Wildlife: Captivating cosmos
Many of you will be familiar with this pretty garden flower, which is popular from one end of the country to the other as it is so easy and undemanding to grow. But you may not be aware that it likes Pakistan so much that it has, in certain areas, jumped over the garden fence and gone wild.
Pretty in pink, white, carmine and the occasional bi-colour, cosmos bipinnatus — or just plain cosmos as it is more generally known, is a tall growing, up to a monstrous five feet and sometimes more depending on localised soil and climatic conditions, annual flowering plant which was probably introduced sometime during the 1800s when Pakistan, India as it was then, was part of the British Empire so the species has had a long time to adapt to this part of the world and, whilst not indigenous at all, it is most certainly right at home!
Cosmos seed is very tough and tolerates long periods of intense heat, cold and drought without any visible problem and, as soon as conditions are suitable, the seed germinates, seedlings quickly pop up and, before you know it, the feathery leaved plants are shooting skywards and making flowers as they go. The seeds, they are formed in the flower head as its petals finish and fall, are long and thin and pointed at the end. This shape means that they easily stick in animals hair, on bird feathers and on clothing, etc., so that they are then transported and spread around from place to place.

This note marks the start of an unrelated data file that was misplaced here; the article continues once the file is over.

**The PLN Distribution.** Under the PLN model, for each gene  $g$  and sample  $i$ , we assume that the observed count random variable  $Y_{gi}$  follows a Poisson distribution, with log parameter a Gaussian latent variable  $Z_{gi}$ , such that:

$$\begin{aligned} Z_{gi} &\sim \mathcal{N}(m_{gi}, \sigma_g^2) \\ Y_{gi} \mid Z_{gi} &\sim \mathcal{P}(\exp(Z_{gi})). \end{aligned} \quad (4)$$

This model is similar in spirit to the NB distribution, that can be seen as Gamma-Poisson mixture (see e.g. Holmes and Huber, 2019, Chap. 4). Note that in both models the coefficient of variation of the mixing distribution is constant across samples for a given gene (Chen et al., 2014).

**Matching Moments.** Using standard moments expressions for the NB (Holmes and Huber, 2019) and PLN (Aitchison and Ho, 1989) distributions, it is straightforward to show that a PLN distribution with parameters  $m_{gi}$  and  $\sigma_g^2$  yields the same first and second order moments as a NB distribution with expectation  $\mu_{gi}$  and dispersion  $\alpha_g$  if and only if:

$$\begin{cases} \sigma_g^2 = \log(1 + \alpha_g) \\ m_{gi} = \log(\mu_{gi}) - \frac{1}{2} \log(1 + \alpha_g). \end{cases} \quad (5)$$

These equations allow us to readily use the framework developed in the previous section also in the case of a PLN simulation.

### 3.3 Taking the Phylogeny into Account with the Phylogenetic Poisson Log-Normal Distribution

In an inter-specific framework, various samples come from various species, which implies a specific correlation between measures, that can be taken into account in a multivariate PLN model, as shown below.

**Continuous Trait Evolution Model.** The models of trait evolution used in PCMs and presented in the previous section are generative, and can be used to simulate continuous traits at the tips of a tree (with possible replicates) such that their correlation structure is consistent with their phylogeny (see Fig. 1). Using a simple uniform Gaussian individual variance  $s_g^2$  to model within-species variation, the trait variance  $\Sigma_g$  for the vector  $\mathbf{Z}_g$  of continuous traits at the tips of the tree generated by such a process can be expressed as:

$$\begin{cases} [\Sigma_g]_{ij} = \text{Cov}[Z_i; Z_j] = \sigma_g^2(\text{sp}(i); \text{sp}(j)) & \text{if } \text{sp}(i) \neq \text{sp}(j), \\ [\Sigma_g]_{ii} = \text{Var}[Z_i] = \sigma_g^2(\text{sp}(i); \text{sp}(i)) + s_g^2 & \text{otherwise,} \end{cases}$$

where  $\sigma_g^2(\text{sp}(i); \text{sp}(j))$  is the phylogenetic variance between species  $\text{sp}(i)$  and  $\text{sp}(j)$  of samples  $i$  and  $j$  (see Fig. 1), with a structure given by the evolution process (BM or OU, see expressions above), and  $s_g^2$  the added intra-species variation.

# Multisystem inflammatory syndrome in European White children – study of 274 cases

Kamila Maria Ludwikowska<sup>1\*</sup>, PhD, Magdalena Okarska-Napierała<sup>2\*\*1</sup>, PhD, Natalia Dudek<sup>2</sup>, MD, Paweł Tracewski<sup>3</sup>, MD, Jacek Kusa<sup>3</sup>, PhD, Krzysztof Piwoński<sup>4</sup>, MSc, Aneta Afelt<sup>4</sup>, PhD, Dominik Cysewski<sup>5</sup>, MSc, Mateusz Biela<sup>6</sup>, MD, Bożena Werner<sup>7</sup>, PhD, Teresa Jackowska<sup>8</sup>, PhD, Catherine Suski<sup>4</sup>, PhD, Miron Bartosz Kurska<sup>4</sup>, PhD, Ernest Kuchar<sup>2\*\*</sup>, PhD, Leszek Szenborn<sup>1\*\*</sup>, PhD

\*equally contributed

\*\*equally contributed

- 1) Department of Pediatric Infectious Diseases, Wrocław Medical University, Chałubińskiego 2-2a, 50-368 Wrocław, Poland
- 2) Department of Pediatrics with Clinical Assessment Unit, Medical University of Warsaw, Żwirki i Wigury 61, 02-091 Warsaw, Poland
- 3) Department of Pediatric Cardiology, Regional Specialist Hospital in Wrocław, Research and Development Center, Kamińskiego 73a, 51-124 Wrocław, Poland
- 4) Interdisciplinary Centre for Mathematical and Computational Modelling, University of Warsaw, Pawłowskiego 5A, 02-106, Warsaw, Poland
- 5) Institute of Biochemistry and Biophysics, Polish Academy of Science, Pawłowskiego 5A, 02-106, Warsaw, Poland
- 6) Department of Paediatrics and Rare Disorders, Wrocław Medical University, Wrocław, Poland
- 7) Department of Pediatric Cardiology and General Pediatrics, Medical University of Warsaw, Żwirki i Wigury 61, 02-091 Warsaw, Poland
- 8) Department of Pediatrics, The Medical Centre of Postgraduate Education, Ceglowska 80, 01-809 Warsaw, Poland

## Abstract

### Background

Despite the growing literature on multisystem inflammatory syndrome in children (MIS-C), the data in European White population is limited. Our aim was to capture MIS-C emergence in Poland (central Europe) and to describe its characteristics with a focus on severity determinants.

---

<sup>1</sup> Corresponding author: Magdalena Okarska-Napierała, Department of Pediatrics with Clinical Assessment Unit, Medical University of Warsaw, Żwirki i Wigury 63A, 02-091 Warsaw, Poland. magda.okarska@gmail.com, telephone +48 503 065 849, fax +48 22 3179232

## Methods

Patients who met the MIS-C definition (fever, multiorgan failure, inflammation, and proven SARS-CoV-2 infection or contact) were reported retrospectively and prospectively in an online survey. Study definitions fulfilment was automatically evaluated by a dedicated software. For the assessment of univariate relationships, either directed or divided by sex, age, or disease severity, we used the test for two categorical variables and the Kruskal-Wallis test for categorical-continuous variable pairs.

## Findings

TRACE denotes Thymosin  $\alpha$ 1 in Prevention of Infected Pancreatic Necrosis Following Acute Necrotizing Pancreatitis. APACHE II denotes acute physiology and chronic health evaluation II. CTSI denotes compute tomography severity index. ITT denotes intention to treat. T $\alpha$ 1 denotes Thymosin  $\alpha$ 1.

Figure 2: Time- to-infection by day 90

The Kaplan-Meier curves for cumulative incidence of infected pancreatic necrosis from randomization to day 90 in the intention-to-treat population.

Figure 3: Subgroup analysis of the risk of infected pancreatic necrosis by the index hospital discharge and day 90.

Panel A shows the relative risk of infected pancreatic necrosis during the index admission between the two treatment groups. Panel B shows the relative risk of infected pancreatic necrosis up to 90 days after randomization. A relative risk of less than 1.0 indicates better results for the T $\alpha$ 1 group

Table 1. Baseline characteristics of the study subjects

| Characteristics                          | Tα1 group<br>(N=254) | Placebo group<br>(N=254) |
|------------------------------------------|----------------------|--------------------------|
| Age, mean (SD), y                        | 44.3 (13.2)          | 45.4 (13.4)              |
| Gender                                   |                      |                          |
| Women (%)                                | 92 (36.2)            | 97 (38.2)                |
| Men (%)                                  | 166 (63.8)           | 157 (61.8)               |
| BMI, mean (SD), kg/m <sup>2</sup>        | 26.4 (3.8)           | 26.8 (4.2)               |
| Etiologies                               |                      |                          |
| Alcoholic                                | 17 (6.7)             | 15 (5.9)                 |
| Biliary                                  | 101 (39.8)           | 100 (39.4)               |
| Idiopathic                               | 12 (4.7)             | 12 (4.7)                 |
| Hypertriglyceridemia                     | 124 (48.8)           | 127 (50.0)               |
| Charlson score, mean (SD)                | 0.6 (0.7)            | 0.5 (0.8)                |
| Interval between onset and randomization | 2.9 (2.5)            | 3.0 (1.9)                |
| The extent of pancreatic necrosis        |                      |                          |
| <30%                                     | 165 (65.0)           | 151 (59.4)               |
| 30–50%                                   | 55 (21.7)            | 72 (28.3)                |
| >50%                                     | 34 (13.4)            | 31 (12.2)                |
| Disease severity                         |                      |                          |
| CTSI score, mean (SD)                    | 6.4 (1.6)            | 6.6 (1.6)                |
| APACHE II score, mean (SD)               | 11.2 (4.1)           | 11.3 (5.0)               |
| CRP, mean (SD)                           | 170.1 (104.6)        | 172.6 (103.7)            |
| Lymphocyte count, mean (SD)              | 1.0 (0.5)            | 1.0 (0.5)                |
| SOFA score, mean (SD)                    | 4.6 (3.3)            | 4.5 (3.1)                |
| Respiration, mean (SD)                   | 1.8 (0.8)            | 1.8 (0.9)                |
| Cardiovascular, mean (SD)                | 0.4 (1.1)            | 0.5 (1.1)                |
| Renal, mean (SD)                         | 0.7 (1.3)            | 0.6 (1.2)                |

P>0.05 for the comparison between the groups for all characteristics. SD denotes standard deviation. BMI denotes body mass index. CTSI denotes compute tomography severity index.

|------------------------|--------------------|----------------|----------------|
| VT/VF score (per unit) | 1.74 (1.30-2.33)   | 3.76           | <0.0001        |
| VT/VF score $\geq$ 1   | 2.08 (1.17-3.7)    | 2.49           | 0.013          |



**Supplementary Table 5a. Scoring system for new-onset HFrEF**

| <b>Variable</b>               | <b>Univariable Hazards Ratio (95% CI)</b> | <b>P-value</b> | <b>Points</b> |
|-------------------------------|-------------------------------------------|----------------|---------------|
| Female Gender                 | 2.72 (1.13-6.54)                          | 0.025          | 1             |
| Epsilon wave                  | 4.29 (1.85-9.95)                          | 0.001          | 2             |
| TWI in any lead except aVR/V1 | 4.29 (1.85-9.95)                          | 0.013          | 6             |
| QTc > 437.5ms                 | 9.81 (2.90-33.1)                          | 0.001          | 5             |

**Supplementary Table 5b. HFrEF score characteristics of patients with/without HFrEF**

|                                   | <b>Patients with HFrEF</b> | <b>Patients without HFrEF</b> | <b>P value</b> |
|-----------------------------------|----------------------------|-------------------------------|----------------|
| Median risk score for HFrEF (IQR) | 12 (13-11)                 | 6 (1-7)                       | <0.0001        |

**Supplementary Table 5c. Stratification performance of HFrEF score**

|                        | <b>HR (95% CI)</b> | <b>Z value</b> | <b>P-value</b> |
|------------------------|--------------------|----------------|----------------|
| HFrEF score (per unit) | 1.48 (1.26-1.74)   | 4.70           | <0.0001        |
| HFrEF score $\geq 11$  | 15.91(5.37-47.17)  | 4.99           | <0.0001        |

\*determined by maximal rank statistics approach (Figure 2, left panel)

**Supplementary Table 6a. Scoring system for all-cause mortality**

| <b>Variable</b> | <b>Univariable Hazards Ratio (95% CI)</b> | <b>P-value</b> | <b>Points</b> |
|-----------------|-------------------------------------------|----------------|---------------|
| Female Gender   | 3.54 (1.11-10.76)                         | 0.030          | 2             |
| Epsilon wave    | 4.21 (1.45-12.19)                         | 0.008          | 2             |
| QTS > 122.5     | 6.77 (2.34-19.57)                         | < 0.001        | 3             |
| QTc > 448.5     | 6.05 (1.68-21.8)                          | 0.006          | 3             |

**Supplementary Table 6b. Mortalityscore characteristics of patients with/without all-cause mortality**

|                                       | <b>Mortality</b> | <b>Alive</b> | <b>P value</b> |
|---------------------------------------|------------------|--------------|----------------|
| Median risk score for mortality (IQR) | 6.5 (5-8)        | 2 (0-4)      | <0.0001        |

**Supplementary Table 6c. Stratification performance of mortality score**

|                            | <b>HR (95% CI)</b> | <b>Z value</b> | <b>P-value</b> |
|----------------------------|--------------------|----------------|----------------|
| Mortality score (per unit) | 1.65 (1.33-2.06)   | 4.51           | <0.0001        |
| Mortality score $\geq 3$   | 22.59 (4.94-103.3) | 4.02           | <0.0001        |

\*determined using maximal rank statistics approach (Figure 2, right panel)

In this simple manner cosmos escaped from gardens in places like Nathia Gali and Murree and has, over the years, naturalised on sunny slopes, on forest edges and in forest clearings, plus, alongside road verges too. Cosmos has also run wild in empty plots in many cities and towns throughout the country and, as it is a valuable bee, butterfly and insect flower, its presence is welcomed — unlike the advance of some other introduced species, troublesome paper mulberry trees are a prime example, which do more harm than good.
In cool regions of the country, hill stations for instance, cosmos germinates in the spring and flowers all summer long and into late autumn in sheltered spots. In hot places it prefers to germinate in the autumn and then blooms throughout the cooler months of winter and on through until rising temperatures burn it up. In the hills where children traditionally weave garlands from wild daisies, it is now quite the ‘in thing’ to add cosmos flowers to the garlands to brighten them up and to bring a better price when the garlands are sold to passing tourists.
Drifts of cosmos flowers really brighten up places such as rocky slopes and unused inner-city land and the sight of these deceptively fragile looking flowers dancing in the breeze makes them a delight indeed.